2012 Hit New Low for Human Rights in Cambodia, Group Says

It was already labeled a disastrous year for human rights by several monitoring organizations, and on Friday, Human Rights Watch add­ed to the dour assessment of 2012, saying that impunity reigned, activists were targeted and the government continued to meddle in the affairs of the Khmer Rouge war crimes tribunal.

In its annual report, the New York-based group took aim at the country’s poor showing in its role as Asean host, expressed concern about this year’s national elections, and criticized widespread land-grabbing and use of the courts to stifle voices of dissent.

“Cambodia’s human rights situation took a nosedive in 2012 as [Prime Minister] Hun Sen lashed out at critics, opposition politicians, land rights activists, and others,” Brad Adams, Asia director at Human Rights Watch, said in a statement. “Despite his strong grip on power, Hun Sen acted aggressively and erratically at the ex­pense of the Cambodian people, who are bearing the brunt of his increasingly dictatorial rule,” Mr. Adams continued.

The Rights Watch report said that state security forces were used to crush opposition to land evictions in favor of private, business interests. It cited the killings of 14-year-old Broma villager Heng Chantha in May and environmental activist Chut Wutty in April as examples of the human toll of land grabs and illegal logging.

“The cumulative effect of land-grabbing has affected huge numbers of Cambodians,” Mr. Adams said.

In addition, the judicial system came under fire for bending to the will of Mr. Hun Sen’s government, both in terms of domestic cases and at the hybrid, U.N.-backed Khmer Rouge tribunal.

The report said the case of former Bavet Governor Chhouk Bundith, who is accused of shooting into a crowd of garment workers but has so far has escaped prosecution, was in keeping with a tradition of letting those with power escape justice.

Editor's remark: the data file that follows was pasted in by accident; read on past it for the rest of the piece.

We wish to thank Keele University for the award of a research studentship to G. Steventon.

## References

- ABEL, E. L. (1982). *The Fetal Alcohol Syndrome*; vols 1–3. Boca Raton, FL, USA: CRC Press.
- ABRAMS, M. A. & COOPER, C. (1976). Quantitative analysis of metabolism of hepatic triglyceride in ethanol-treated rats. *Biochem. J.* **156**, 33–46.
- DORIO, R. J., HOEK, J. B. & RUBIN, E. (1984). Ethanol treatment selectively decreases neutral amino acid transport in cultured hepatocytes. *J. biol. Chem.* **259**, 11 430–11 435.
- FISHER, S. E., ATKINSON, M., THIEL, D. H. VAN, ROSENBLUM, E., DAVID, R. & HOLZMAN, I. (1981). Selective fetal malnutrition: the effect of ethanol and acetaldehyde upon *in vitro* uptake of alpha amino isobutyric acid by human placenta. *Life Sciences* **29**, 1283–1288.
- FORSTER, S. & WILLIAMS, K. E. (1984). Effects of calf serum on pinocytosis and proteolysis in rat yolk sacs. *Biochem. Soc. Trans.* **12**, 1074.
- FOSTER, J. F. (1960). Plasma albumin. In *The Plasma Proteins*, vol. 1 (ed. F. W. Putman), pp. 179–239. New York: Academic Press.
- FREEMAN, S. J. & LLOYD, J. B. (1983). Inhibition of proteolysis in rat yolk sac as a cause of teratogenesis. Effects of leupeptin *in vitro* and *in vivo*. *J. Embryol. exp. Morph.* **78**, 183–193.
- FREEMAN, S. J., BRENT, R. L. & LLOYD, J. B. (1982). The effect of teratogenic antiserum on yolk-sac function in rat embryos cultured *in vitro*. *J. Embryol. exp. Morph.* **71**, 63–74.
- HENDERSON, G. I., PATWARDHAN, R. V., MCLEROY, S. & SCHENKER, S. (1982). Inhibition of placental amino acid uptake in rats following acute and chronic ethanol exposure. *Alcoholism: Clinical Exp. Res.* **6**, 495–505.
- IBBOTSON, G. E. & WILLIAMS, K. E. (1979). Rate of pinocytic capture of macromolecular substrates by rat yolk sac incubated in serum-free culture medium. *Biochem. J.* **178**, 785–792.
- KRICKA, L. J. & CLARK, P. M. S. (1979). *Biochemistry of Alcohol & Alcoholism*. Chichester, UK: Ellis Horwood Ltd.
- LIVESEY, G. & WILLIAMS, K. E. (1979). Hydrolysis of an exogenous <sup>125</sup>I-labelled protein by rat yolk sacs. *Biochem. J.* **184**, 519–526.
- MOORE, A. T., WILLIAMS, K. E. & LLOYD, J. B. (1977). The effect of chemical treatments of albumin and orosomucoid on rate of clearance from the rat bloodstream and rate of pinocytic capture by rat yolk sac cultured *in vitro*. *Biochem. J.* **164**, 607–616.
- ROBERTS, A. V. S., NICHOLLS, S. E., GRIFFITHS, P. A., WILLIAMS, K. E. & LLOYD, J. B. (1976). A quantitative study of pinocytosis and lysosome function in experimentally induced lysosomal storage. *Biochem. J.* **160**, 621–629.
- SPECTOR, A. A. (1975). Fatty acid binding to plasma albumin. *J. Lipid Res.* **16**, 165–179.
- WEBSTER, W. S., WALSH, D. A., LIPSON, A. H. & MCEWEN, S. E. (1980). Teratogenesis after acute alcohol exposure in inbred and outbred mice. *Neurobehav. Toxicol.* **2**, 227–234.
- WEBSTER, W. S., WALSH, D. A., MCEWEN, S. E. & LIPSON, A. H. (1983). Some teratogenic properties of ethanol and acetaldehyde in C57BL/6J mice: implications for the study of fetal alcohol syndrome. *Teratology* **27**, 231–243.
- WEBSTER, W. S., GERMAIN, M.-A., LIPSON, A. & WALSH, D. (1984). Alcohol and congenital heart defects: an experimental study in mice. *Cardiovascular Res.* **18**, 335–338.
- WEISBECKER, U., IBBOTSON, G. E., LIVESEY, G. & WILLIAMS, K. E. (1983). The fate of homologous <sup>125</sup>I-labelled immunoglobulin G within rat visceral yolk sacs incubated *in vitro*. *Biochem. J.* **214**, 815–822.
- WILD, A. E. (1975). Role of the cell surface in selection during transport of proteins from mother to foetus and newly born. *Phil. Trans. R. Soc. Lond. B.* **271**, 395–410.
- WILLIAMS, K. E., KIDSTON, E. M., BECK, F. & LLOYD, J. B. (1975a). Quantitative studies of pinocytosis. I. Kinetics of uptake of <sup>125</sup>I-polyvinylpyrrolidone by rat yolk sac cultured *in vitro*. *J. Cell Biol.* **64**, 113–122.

Such impunity also extends to crimes during the Pol Pot regime, the report said.

“Cambodian judicial officers working at the Extraordinary Chambers of the Courts of Cambo­dia (ECCC) continued to implement Hun Sen’s pronouncements by refusing to investigate additional Khmer Rouge suspects, including CPP-linked perpetrators from Pol Pot’s 1975 to 1979 Khmer Rouge regime,” the report said.

The courts also came down hard on radio station owner Mam So­nando, putting him behind bars for 20 years for allegedly fomenting a rural secessionist movement—a charge he vigorously denies, and one that rights groups say had no basis.

The report also said that Cambo­dia’s role as the chair of Asean, which is a rotating position, was “disastrous,” because of a failure to issue a joint statement in the wake of the Asean foreign ministers’ meeting—a first in the history of the regional bloc.

“Cambodia’s government played a leading role in blocking efforts by regional civil society organizations to adopt a credible and effective hu­man rights mechanism,” Human Rights Watch added.

A failure to shutter detention centers for drug addicts—considered places of abuse that are detrimental to the well-being of those they are supposed to help—was yet another example of advice by the international community on such issues being flouted, the group added.

“In December 2011, revisions to Cambodia’s drug law enabled drug users to be detained for compulsory “treatment” for up to two years. Despite a March 2012 call by 12 U.N. agencies to close the detention centers, various government agencies, including security forces, continued to operate 10 centers across the country.

“Former detainees reported that they had been held without due process, subjected to exhausting military exercises, and ill-treated and even tortured by staff,” the re­port says.

Council of Ministers spokesman Phay Siphan dismissed the criticisms as merely issues that have been “the same, repeated again and again.”

“We solve problems according to the rule of law,” Mr. Siphan said.

“[Human Rights Watch] are away from Cambodia, and they don’t have enough abilities to do research.”

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